Book Reviews

Charter Schools and Accountability in Public Education

Reviewed by
William G. Keane
Associate Professor of Educational Leadership,
Oakland University,
Rochester, Mich.


Practically everyone has an opinion about the values and purposes of the charter school movement, and these views tend to be spread across the political spectrum. These divergent opinions can be traced to the fact charter schools exist in 37 states and the District of Columbia and are subject to substantially different laws and rules.

In Arizona, schools may be chartered by several entities, including local school districts, and they can provide charters to schools outside their own service area. Other states, such as Massachusetts, have taken a slow-growth approach to chartering to ensure quality.

Given the diversity of this movement, developing public policy requires information about how and whether these “public" schools are being held accountable for proper use of public funds and achieving the purposes for which they were originally chartered.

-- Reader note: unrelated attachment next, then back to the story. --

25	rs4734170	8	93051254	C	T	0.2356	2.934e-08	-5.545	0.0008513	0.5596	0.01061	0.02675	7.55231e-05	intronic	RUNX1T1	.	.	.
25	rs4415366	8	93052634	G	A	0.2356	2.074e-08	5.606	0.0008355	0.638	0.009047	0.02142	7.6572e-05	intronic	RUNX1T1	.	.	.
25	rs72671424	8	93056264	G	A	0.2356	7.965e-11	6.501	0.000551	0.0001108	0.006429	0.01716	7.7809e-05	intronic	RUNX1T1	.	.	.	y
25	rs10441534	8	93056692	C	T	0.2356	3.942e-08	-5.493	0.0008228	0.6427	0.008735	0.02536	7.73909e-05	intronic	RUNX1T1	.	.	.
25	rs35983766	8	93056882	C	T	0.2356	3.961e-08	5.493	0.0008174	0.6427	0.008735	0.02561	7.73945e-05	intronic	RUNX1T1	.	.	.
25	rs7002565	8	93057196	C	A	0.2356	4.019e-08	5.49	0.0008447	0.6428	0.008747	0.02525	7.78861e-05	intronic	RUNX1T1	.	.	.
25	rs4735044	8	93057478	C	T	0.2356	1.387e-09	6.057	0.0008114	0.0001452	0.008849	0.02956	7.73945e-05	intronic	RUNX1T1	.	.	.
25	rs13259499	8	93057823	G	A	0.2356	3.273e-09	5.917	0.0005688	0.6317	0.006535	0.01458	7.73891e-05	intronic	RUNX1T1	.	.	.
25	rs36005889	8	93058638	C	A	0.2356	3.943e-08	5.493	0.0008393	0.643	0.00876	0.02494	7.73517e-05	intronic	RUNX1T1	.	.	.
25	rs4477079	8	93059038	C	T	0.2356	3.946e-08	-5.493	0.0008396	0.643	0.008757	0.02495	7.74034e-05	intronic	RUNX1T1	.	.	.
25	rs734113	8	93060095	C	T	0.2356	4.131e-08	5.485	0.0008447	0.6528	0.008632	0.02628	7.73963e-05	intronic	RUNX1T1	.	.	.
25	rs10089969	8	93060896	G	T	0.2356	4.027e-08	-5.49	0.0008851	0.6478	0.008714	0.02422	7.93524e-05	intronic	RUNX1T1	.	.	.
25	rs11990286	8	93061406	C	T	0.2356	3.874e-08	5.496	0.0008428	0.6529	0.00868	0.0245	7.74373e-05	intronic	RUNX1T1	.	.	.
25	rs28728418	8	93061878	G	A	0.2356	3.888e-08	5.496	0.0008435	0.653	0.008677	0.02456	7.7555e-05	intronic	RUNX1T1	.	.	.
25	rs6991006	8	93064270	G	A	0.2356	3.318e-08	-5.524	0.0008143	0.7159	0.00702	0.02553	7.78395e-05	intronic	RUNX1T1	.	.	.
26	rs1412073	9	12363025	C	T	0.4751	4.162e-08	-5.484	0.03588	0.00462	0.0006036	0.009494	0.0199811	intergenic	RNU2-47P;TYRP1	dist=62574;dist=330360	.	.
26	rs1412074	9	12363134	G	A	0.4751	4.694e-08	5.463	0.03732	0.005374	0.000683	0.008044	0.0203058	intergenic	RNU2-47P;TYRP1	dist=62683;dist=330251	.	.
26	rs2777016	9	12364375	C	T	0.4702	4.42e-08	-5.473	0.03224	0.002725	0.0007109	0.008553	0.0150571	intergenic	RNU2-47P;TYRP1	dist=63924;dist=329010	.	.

Paul T. Hill, a professor at the University of Washington, and Robin Lake, an associate director of the university’s Center for Reinventing Public Education, attempt to answer these complex questions in Charter Schools and Accountability in Education.

They explore the thesis that charter schools have multiple forms of accountability: political bodies that legislate their existence, entities that issue charters, parents, teachers and various partnering agencies that support and sustain them.

Hill and Lake assert that the very nature of chartering promotes school accountability by (1) identifying all adults involved with the schools as accountable parties; (2) creating freedom of action in the use of time and money; and (3) encouraging public and private investments in school capacity. Further, they contend, intense news attention on charter schools actually has driven most of them to "conservative, proven approaches."

(Charter Schools and Accountability in Public Education by Paul T. Hill and Robin J. Lake, Brookings Institution Press, Washington, D.C., 2002, 124 pp. with index, $15.95 softcover)